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presidency 25When I read of, and hear, the President expressing concerns about an international conspiracy to destabilize his government, and topple him, I feel immensely sad. One reason is that what he fears is not entirely without foundation.

The idea was put to me, quite politely, by the head of the Sri Lanka desk at the UN, who said that, whereas Mahinda Rajapaksa had been a good leader during the War, perhaps someone else was better suited to lead during peacetime. The young man from our Embassy who had accompanied me to that meeting said the same proposition had been put to Nivard Cabraal. Both of us repudiated the idea, and indeed I recall citing Tolstoy in this connection, given the theory he had put forward in War and Peace, about the visionary Alexander having to take over after the practical soldier Kutuzov had won the war. I have no idea what arguments Nivard used, but I have no doubt that he would have shared my conclusions.

Sarath-Fonseka

… the less polite approach of some Westerners, who put forward Sarath Fonseka for the Presidency

The Tolstoyan imagery was pertinent with regard to the less polite approach of some Westerners, who put forward Sarath Fonseka for the Presidency. This seemed to me rank wickedness, and I believe some European ambassadors shared my view, for they told me – at a farewell lunch I gave the two nicest of them – that they knew what he was like, and could not understand what some of their colleagues were up to.

I am not sure that the Americans, who were foremost in the venture (or at least some of them, for I cannot believe that thoroughly decent people like the then Social Affairs Officer Jeff Anderson were involved) were actually wicked. I have long learnt that one should never attribute to wickedness what can be put down to stupidity. I suspect then that those who still had some values but went along with the idea thought that Sarath Fonseka would split what they saw as the extreme vote, and that this would enable Ranil Wickremesinghe to win.

Ranil's fault

… the whole debacle was Ranil’s fault for having withdrawn.

Ranil however was sharper than them, and withdrew – which is perhaps what prompted Paikiasothy Saravanamuttu, at the Christmas Party given by the then Deputy British Head of Mission, to say that the whole debacle was Ranil’s fault for having withdrawn.

Sarath Fonseka lost conclusively – despite Sara’s efforts to suggest the election had been fraudulent – which is why the protests I suspect had been planned never got off the ground. But the American extremists had succeeded beyond their wildest dreams, because Mahinda Rajapaksa abandoned his visions, and a new homespun Kutuzov emerged.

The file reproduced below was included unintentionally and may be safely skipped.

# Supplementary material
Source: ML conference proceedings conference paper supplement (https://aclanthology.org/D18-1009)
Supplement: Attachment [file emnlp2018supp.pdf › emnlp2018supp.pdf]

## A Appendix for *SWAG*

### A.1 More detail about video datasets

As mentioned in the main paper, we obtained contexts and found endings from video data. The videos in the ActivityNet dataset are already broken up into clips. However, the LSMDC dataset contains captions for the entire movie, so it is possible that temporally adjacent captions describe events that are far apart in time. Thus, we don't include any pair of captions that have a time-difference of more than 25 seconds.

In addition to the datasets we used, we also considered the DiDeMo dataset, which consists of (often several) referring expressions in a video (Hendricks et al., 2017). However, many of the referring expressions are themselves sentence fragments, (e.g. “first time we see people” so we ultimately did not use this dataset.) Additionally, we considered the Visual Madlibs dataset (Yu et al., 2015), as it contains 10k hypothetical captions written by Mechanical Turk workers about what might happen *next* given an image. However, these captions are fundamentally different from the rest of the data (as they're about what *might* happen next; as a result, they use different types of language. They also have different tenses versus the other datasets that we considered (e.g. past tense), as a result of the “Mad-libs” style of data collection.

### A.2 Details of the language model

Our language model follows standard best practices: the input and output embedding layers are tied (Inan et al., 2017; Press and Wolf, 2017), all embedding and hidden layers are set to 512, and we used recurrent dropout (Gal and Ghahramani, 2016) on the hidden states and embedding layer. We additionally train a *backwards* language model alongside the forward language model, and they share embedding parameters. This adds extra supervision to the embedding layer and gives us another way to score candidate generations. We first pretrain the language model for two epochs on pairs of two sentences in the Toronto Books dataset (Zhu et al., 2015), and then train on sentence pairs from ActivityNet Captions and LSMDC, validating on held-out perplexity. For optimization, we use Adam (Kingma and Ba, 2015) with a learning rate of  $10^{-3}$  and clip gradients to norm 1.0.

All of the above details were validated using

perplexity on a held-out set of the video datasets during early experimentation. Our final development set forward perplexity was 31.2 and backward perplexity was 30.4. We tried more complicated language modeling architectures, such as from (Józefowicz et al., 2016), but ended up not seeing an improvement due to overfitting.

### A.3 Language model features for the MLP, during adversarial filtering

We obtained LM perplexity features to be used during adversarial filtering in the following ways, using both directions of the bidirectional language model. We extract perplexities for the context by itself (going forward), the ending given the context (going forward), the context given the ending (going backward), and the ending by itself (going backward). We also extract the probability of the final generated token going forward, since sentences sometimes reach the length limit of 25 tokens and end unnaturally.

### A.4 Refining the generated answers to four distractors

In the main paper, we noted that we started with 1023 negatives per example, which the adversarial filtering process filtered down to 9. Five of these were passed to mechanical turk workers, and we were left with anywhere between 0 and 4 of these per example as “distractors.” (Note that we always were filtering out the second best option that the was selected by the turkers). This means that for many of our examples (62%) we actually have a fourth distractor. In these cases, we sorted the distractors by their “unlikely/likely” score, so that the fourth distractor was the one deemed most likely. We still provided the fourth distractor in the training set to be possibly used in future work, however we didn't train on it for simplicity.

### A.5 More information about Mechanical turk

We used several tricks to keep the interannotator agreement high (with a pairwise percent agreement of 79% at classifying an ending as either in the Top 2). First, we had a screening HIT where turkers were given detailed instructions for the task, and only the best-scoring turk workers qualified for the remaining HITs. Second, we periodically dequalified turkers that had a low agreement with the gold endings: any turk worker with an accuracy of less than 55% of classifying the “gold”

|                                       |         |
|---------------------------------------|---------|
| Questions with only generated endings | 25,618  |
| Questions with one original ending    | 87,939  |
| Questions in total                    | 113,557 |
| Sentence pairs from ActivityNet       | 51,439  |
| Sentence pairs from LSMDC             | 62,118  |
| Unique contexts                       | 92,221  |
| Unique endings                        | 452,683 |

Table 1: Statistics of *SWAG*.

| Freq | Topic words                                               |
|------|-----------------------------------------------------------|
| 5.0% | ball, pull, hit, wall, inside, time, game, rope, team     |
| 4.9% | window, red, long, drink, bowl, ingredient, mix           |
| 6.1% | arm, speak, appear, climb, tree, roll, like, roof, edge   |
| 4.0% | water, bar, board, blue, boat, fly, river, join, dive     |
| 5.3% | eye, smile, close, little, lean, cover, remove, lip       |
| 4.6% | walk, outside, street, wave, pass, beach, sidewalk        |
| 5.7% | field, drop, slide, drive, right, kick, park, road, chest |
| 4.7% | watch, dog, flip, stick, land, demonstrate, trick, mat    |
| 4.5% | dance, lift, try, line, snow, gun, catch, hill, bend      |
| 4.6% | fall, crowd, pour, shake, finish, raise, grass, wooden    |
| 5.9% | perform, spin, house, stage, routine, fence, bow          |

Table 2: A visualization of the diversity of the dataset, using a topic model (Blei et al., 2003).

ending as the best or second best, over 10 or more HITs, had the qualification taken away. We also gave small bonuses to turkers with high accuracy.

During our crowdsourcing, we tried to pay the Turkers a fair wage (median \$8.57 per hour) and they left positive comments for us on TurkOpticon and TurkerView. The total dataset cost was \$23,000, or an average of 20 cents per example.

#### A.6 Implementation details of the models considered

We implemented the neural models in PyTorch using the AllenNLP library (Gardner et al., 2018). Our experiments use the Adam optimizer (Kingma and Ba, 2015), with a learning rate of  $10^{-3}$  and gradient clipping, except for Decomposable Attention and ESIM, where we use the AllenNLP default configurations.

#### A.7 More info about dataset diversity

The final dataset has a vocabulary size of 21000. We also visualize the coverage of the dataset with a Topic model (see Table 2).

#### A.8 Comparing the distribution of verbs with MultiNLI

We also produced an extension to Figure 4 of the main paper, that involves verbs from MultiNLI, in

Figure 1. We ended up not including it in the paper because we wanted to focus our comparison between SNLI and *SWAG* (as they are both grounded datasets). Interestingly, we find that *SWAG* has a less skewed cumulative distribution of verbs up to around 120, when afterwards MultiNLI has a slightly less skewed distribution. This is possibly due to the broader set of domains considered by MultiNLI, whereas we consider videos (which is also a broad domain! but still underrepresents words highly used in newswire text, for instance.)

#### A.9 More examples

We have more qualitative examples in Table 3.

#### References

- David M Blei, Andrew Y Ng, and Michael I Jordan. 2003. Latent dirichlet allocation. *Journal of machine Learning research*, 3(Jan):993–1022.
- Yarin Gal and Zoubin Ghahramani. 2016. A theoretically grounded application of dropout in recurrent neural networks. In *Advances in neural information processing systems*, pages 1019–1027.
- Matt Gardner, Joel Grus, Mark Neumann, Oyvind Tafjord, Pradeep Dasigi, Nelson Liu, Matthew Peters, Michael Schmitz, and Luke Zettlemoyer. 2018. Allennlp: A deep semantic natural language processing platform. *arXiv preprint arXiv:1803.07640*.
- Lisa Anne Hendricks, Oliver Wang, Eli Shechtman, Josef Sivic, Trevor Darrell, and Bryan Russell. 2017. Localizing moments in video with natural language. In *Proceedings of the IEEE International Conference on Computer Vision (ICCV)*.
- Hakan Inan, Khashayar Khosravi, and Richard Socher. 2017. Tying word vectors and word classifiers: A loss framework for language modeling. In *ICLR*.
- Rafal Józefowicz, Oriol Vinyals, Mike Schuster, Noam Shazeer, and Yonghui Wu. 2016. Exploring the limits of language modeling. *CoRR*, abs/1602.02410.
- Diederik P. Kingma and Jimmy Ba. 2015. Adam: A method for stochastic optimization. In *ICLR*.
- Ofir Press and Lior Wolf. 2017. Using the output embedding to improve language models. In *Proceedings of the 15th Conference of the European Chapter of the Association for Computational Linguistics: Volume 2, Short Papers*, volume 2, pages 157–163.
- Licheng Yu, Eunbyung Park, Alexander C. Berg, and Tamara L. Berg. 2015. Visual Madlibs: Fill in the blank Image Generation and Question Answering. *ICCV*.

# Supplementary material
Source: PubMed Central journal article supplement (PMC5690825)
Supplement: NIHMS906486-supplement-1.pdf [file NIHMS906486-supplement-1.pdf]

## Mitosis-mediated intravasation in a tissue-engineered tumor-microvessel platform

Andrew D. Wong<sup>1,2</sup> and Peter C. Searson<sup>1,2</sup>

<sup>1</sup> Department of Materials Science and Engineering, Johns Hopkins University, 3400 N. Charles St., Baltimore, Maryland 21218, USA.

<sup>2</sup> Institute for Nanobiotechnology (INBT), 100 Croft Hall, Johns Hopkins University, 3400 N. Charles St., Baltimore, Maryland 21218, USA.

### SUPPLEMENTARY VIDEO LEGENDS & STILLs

For with Fonseka as his principal opponent, Rajapaksa had to cover that flank as it were, so that it was extremists who played the largest role in his campaign, not the fundamentally decent and moderate SLFP leadership. And so they have emerged as the strongest influences on policy in the government. Read the rest of this entry »

download (2)The request to write an article on US Policy towards Sri Lanka in 2008/2009 came at a timely moment, for I had been reflecting in some anguish on the crisis that the Sri Lankan government is now facing. I believe that this crisis is of the government’s own creation, but at the same time I believe that its root causes lie in US policy towards us during the period noted.

Nishan de Mel of Verite Research, one of the organizations now favoured by the Americans to promote change, accused me recently of being too indulgent to the Sri Lankan government. I can understand his criticism, though there is a difference between understanding some phenomenon and seeking to justify it. My point is that, without understanding what is going on, the reasons for what a perceptive Indian journalist has described as the ‘collective feeling that the Sri Lankan State and Government are either unable or unwilling’ to protect Muslims from the current spate of attacks, we will not be able to find solutions.

Nishan might have felt however that I was working on the principle that to understand everything is to forgive everything. But that only makes sense if corrective action has been taken, ie if the perpetrator of wrongs has made it clear that these will be stopped and atoned for. Sadly, after the recent incidents at Aluthgama, I fear the time and space for changing course are running out. But even if we can do nothing but watch the current government moving on a course of self-destruction, it is worth looking at the causes and hoping that history will not repeat itself at some future stage

My contention is that the appalling behavior of the government at present springs from insecurity. That insecurity has led it to believe that it can rely only on extremist votes and extremist politicians. Thus the unhappiness of the vast majority of the senior SLFP leadership, and their willingness to engage in political reform that promotes pluralism, are ignored in the belief that victory at elections can only be secured if what is perceived as a fundamentalist and fundamental Sinhala Buddhist base is appeased.

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The government decided last week, when faced with the announcement by Navi Pillay of her team to investigate Sri Lanka, to propose a motion in Parliament against such an investigation. This was a shrewd move, since it puts the main opposition on the spot with regard to whether it supports such an investigation. I can understand the TNA opposing such a motion given that it sees this as one way of achieving its goals, even though I think it would have achieved more had it, like the Indian government, stood foursquare against international interference whilst also urging the Sri Lankan government to pursue reconciliation and a better deal for the Tamil people more comprehensively.